Study Guide

Dancing on the Edge Love

By Han Nolan

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Granddaddy Opal's hair looked shocked as if an electric current were running through his head. His hands were trembling and he brought them down on my handlebars, so close to mine I could feel their heat.

"You ain't going to have any more of these bruises, you hear?" […]

"Yes. Yes, we're through with that wild music anyway. We're doing something else now."

"You durn sure or I don't know what!" he said. (6.61-64)

Granddaddy Opal's stunned reaction to Miracle's bruises from dance class seems to really disturb her—largely because she's never seen an expression of concern and love before. His emotions are a cross between anger and sadness, as though he's realizing for the first time that Miracle is a child deprived of affection.

I sat up and faced the wig heads. "I don't believe in love," I told them. "It's not real. It's not a live thing […] You can't touch it, can you? […] You can't hold it in your hand, can you? […] Love is make-believe." (15.3)

Miracle's spiel to the wig heads about her inability to believe in love reveals that she doesn't really understand abstract concepts. Because the world she's grown up in has been extremely unstable and her needs haven't always been met, love isn't just something she doesn't understand, but something she's never really experienced.

They slammed a lot of doors back and forth and Uncle Toole had to sleep in the living room on one of his busted-up sofas. Love wasn't real. If they just realized that, if they could just understand that very simple thing, they'd never fight again. (15.9)

What's funny about Miracle's rationalization here is that if love isn't real, then why are Aunt Casey and Uncle Toole even together? Why did they even get married to begin with? They had to have been in love once, right? Maybe? No? Miracle is so distanced from the idea of love that she doesn't seem to grasp the concept. And frankly, when it comes to Casey and Toole, we don't really either.

Needing people too much just drove them away. Loving someone did something to their hearts. My need for Granddaddy Opal was too much and it gave him a heart attack. I was killing him. (18.9)

We know that this isn't true, but remember that love isn't exactly something Miracle's had a lot of experience with, and she makes some odd associations in the process of figuring it out. Granddaddy Opal's heart attack has no relation to how much Miracle loves him, but she still blames herself.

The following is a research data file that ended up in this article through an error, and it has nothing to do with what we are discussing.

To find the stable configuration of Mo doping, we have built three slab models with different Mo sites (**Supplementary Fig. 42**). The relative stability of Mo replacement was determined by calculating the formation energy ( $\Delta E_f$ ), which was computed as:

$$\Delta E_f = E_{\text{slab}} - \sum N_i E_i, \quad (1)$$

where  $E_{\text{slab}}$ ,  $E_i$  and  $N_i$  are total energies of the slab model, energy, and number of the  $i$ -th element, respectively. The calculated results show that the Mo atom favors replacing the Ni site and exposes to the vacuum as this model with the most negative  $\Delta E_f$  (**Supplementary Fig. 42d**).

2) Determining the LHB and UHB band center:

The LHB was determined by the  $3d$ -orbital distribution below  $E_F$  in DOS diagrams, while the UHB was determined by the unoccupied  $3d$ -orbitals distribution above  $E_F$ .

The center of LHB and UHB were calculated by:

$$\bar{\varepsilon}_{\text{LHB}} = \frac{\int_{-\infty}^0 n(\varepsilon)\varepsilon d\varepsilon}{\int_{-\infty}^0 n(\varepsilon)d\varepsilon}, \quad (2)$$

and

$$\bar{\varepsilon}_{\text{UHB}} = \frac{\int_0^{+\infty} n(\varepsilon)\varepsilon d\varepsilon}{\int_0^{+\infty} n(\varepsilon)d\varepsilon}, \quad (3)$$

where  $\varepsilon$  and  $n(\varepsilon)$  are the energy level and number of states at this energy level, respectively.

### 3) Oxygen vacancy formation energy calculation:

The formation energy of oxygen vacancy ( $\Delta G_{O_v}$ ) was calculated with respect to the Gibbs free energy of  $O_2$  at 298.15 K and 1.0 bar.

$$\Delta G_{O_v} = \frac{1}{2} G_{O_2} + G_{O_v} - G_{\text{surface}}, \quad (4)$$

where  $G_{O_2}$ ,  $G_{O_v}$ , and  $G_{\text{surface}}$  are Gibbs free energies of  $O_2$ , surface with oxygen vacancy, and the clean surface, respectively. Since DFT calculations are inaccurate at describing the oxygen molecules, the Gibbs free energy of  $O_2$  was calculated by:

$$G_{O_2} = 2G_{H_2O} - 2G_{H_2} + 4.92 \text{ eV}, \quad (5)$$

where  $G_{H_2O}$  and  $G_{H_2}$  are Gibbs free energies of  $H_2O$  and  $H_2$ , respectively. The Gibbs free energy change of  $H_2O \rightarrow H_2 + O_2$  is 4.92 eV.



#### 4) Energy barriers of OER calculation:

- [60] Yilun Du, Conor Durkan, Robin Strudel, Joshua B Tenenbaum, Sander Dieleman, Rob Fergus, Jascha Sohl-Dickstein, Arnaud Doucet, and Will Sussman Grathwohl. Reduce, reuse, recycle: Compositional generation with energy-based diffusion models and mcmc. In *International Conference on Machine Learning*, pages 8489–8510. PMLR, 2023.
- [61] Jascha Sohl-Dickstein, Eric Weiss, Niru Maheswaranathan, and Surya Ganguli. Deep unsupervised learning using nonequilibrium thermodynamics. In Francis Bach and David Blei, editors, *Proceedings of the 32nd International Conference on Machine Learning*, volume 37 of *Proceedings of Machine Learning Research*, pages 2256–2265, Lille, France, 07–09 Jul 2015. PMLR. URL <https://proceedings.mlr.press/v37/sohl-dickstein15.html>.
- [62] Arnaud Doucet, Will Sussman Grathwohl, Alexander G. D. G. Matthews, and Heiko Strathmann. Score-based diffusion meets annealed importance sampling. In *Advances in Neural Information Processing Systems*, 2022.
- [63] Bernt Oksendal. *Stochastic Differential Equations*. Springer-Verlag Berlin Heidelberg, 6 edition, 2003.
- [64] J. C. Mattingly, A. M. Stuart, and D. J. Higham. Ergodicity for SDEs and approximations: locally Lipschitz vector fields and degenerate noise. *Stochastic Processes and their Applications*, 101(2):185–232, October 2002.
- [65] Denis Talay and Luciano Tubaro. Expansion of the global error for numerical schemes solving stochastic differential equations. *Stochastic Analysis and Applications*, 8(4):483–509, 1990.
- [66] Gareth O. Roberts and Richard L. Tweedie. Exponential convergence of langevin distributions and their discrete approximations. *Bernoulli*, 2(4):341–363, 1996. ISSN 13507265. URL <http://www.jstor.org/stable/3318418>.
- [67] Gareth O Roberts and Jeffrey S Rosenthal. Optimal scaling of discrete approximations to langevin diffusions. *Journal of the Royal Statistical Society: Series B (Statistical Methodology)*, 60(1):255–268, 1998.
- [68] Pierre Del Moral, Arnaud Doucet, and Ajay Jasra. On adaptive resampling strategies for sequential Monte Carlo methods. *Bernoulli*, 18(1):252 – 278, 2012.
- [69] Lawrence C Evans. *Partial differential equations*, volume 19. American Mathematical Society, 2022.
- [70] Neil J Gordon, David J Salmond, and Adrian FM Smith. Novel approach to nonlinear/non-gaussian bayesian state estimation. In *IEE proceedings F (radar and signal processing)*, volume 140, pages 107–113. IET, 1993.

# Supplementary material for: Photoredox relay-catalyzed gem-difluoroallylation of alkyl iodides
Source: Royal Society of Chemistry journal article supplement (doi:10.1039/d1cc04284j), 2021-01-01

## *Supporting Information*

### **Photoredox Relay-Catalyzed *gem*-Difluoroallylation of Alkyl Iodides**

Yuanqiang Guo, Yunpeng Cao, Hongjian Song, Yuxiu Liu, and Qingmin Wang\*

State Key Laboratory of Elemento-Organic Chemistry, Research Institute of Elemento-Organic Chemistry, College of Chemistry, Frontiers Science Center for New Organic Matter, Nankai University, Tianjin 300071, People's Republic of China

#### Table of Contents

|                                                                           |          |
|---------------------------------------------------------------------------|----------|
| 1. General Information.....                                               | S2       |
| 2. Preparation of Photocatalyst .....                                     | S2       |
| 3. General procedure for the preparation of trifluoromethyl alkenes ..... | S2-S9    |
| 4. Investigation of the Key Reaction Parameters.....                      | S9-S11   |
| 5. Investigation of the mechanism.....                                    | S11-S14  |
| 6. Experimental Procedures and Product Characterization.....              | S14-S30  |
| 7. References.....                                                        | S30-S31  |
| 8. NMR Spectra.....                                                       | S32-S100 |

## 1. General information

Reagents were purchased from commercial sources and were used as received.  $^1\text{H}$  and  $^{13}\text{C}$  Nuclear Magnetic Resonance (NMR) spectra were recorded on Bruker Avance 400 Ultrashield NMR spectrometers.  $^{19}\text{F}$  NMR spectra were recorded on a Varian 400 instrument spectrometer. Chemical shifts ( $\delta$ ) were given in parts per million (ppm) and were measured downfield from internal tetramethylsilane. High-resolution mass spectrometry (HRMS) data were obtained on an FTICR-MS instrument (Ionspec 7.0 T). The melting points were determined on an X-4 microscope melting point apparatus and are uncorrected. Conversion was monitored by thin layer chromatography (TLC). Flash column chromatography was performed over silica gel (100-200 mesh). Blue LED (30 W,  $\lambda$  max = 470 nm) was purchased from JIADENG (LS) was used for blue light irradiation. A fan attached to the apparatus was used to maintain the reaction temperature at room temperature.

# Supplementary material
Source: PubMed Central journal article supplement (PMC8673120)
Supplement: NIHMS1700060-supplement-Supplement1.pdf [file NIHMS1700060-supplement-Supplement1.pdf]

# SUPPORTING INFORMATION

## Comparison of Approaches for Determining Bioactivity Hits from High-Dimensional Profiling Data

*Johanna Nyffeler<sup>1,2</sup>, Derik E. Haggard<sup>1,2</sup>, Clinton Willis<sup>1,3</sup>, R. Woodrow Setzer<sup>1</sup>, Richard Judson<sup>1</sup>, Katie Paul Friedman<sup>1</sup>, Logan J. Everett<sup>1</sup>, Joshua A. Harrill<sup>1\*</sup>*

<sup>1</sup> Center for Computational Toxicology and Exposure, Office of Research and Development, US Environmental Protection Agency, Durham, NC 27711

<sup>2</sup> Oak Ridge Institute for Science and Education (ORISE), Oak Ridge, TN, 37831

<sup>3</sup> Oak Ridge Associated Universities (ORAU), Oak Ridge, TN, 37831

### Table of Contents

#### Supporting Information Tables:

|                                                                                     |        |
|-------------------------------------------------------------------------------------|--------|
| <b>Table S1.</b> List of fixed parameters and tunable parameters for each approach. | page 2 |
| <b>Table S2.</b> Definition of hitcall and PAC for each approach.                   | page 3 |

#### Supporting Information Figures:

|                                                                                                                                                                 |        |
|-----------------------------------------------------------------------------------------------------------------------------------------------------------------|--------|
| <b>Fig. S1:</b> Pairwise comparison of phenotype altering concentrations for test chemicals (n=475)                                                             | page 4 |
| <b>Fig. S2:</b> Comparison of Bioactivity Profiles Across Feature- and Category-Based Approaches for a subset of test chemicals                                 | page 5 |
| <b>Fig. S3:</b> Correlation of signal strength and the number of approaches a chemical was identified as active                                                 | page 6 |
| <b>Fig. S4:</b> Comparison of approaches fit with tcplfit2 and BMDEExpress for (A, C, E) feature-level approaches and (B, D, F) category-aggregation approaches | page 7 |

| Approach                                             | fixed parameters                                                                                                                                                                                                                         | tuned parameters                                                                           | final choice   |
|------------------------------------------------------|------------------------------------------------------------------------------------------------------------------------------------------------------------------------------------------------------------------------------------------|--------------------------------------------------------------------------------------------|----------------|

"Oh, you don't think anyone else has problems like yours. Well, that's what's so nice about group. You discover you're not alone. There are people out there who have the same feelings you do. You'll get to share your feelings. Maybe what you have to share will help somebody else. Maybe you'll hear things that will help you and those scars will start to melt away." (18.22)

Let this sink in for a minute: The Cedars is the first stable environment Miracle finds herself in—ever. Sure, Granddaddy Opal's house came pretty close, but anywhere Gigi is living isn't a functional place. The fact that there are other people who have similar problems as her is a major revelation.

I took my usual seat and Dr. DeAngelis stood up and said, "No, Miracle. I'd like you to take my seat today and I'll sit in yours." (21.15)

Dr. DeAngelis is one of the first people Miracle encounters at the Cedars who teach her about love. He largely does this by identifying with her situation, and in this case, literally putting his authority aside to place himself in her shoes. Atticus Finch would definitely like this guy.

I needed someone to talk to who would understand and listen, really listen. I needed Dr. DeAngelis and Aunt Casey. I wanted to tell them everything, to share what I was discovering with them, and to let them know I needed them. (29.10)

Miracle essentially goes from believing that love isn't real to seeing it as something she desperately needs. While she doesn't use that specific word here, she seems to be acknowledging that Dr. DeAngelis, Casey, and to an extent Granddaddy Opal can offer her emotional support that Gigi isn't equipped with.

"Oh, and Aunt Casey? Thanks for wanting me to know the truth—for wanting me." (30.37)

While she may think of Aunt Casey as kind of mean and superficial for a long time, getting kidnapped by Gigi ultimately makes Miracle see exactly how much her aunt has grown to love and need her. Aunt Casey may have once seen Miracle as a reminder of guilt from the past, but she now knows that she wants to make a difference in her life.

Dr. DeAngelis once said that we would be talking about love, what it means, how it feels. I told him I didn't believe in love. "You can't touch it or see it," I had said […] "I won't believe what I can't see."

He said, "Then believe what you feel." (30.40-41)

Feelings haven't exactly been a reliable source of information for Miracle—actually, they haven't even been something she can truly believe at all. Dr. DeAngelis demonstrates, though, that emotions can be trusted and believed. Feelings can provide proof of how the people around Miracle really feel about her.

I thought maybe it was like dance, and music, and poetry. I knew how they made me feel, how the truth made me feel: real, and lit up from the inside, and like nothing in the world could ever really hurt me. I decided love might be like that, too. (30.42)

Miracle may not understand love at first, but she does understand dance, music, and Emily Dickinson. Perhaps she needs to feel the emotions that come from art and learn to trust them before she can see that believing in love is very similar.

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